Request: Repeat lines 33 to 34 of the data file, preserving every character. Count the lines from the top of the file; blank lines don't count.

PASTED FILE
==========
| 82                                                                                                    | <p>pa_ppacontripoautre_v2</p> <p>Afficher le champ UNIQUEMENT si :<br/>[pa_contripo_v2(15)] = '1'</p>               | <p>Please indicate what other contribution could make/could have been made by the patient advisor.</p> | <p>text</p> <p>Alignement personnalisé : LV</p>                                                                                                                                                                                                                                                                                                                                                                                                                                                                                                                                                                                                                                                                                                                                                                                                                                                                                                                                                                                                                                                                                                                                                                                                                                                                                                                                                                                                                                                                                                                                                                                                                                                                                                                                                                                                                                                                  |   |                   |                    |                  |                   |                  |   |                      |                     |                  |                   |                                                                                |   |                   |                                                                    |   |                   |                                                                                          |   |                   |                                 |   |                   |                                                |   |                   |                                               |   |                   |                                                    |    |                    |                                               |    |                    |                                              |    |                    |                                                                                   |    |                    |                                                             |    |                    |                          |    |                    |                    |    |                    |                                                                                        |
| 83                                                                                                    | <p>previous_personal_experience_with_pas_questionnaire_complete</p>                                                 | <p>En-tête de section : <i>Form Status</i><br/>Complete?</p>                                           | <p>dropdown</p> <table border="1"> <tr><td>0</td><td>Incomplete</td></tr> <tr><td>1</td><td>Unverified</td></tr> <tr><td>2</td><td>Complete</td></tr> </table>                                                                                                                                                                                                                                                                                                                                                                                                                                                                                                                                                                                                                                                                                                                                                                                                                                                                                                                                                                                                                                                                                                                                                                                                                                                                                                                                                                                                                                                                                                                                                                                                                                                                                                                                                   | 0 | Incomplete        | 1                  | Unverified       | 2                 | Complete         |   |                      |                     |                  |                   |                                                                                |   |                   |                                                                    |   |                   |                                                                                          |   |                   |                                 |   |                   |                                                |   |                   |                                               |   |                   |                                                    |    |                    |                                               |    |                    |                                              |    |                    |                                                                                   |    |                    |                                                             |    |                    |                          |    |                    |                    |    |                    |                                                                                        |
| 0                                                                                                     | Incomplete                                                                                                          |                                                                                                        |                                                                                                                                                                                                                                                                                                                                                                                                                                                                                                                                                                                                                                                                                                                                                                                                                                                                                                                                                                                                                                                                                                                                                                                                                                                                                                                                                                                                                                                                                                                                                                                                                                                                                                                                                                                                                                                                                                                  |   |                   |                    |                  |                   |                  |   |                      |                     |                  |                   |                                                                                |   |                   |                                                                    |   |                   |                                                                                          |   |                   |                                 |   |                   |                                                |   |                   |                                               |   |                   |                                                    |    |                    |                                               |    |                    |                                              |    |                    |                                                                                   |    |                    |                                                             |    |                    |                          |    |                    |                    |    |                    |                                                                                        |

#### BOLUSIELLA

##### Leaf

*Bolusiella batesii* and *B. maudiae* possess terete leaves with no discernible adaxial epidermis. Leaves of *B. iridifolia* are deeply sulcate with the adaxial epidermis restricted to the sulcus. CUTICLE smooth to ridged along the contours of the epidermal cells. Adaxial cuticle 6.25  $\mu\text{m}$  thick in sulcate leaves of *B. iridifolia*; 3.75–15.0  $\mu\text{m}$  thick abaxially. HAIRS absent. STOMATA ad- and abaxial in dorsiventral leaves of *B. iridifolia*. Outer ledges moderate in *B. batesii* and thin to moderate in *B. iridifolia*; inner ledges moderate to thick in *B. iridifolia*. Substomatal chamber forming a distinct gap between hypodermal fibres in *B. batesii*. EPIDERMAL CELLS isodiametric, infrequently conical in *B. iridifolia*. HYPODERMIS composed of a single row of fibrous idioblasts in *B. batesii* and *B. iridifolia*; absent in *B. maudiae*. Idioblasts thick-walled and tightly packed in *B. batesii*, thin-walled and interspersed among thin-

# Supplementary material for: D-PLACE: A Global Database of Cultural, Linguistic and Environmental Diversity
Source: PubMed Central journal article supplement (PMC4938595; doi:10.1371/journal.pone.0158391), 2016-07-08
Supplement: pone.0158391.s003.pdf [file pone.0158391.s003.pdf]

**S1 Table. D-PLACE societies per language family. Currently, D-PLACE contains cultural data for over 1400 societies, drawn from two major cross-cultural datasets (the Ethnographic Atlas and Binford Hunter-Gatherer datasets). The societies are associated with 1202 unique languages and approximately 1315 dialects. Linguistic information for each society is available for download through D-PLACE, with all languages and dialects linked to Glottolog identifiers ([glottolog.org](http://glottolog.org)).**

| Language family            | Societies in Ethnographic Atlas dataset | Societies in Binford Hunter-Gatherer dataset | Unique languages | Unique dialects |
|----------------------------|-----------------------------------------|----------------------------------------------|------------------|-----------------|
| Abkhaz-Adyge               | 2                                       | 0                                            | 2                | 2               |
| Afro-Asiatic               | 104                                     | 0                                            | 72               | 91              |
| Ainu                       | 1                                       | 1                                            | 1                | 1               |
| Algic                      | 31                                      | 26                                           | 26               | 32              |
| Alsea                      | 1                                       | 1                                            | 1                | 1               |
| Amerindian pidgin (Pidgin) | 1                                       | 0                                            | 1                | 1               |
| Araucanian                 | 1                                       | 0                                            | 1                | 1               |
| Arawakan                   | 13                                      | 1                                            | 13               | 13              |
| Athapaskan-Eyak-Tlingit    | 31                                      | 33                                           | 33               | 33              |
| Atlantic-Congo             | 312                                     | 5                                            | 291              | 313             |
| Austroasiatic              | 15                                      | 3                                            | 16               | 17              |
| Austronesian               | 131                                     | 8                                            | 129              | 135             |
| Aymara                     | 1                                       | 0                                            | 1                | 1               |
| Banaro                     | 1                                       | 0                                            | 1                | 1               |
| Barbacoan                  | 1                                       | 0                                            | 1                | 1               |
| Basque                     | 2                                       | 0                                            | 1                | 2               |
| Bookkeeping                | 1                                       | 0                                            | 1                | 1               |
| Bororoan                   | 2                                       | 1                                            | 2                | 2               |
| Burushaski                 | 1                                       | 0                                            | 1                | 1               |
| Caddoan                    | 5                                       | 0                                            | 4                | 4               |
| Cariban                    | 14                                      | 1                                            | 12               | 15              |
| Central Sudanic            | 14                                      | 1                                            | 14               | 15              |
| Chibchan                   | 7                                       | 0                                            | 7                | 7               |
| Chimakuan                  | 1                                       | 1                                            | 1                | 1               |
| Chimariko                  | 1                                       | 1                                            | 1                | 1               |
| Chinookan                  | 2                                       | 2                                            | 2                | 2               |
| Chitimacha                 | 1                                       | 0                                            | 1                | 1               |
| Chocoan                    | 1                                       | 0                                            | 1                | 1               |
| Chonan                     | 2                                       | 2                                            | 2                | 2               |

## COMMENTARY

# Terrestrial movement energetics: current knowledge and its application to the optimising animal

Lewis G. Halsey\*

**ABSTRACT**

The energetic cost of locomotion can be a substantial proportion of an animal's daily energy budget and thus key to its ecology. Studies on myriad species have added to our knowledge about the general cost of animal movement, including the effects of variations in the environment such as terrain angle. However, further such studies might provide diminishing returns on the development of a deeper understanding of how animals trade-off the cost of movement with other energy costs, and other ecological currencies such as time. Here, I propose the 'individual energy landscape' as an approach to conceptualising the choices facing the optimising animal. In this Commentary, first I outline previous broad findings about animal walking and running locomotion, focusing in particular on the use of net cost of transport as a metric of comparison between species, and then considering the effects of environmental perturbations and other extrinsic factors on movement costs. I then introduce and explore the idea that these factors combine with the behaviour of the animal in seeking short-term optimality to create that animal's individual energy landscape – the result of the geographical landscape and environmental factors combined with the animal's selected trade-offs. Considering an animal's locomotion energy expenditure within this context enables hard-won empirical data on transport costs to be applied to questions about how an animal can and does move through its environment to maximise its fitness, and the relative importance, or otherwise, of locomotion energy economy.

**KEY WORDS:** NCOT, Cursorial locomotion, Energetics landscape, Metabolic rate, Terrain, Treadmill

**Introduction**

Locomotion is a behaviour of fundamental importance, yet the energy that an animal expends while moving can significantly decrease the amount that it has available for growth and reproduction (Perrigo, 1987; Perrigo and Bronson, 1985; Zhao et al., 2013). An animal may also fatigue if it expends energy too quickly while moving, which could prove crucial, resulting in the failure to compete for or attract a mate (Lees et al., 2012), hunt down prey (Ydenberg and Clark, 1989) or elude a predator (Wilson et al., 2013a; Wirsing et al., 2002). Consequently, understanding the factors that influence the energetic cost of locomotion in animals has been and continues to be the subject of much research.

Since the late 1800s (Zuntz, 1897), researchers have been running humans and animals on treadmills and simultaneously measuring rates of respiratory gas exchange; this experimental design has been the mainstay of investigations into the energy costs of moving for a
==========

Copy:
| Cariban                    | 14                                      | 1                                            | 12               | 15              |
| Central Sudanic            | 14                                      | 1                                            | 14               | 15              |